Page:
NASA facilities

NASA field centers

NASA facilities exist across the United States, but also across the world. NASA Headquarters in Washington, DC provides overall guidance and political leadership to the agency.[1] There are 10 NASA field centers, which provide leadership for and execution of NASA's work. These field centers are: Ames (Research), Armstrong (Flight Research), Glenn (Research), Goddard (Space Flight), JPL (Space Flight), Johnson (Space), Kennedy (Space), Langley (Research), Marshall (Space Flight), Stennis (Space).[2][3] All other facilities fall under the leadership of at least one of these field centers.[4] Some facilities serve more than one application for historic or administrative reasons. NASA has used or supported various observatories and telescopes, and an example of this is the NASA Infrared Telescope Facility. In 2013 a NASA Office of the Inspector General's (OIG) Report recommended a Base Realignment and Closure Commission (BRAC) style organization to consolidate NASA's little used facilities.[5] The OIG determined at least 33 of NASA's 155 facilities were underutilized.

NASA field centers

Goddard Space Flight Center, Maryland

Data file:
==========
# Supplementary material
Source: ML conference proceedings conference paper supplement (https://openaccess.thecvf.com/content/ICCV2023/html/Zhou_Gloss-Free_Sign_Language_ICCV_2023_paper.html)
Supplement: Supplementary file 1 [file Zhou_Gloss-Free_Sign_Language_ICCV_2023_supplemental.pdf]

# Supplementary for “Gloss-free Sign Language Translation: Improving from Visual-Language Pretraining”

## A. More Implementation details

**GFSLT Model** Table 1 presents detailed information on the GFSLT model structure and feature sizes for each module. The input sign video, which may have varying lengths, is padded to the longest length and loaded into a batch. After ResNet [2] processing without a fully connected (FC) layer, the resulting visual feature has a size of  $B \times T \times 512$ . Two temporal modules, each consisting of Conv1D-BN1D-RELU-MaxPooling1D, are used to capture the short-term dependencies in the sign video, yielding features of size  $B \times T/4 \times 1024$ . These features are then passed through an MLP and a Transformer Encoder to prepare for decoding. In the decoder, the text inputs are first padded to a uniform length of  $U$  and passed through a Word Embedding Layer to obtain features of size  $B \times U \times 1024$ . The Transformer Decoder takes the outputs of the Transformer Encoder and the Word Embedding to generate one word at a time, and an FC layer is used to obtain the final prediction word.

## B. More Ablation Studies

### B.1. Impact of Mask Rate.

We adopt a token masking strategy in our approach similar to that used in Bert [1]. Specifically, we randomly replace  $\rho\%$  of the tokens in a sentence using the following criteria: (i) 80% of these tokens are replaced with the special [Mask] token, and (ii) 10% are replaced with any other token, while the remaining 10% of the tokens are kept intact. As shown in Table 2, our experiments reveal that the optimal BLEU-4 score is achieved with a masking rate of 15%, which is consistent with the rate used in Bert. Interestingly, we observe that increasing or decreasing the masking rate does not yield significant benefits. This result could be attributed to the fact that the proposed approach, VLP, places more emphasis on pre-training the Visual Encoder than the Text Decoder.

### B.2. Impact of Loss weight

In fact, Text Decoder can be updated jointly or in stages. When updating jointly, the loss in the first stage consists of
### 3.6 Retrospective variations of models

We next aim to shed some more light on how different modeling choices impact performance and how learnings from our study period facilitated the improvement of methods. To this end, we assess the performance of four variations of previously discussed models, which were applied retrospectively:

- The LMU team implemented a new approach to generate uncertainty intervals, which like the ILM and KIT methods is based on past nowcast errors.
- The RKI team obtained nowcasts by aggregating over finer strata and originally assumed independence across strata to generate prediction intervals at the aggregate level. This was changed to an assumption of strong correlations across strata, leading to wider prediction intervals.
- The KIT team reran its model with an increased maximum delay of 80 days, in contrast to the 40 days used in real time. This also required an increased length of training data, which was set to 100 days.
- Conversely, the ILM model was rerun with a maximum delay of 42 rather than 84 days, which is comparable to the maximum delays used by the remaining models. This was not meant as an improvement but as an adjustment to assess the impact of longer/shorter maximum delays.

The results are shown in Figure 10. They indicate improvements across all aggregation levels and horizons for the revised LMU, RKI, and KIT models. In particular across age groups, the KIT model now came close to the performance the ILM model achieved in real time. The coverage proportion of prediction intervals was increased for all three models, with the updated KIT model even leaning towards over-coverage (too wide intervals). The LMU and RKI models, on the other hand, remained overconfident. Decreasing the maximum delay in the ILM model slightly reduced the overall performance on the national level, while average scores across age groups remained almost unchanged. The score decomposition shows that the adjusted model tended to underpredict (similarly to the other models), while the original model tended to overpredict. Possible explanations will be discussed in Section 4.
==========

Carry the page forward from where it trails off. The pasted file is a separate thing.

Goddard Space Flight Center (GSFC), is the largest combined organization of scientists and engineers in the United States dedicated to increasing knowledge of the Earth, the Solar System, and the Universe via observations from space. GSFC is a major U.S. laboratory for developing and operating unmanned scientific spacecraft. GSFC conducts scientific investigation, development and operation of space systems, and development of related technologies. Goddard scientists can develop and support a mission, and Goddard engineers and technicians can design and build the spacecraft for that mission. Goddard scientist John C. Mather shared the 2006 Nobel Prize in Physics for his work on COBE. GSFC also operates two spaceflight tracking and data acquisition networks (the Space Network and the Near Earth Network), develops and maintains advanced space and Earth science data information systems, and develops satellite systems for the National Oceanic and Atmospheric Administration (NOAA).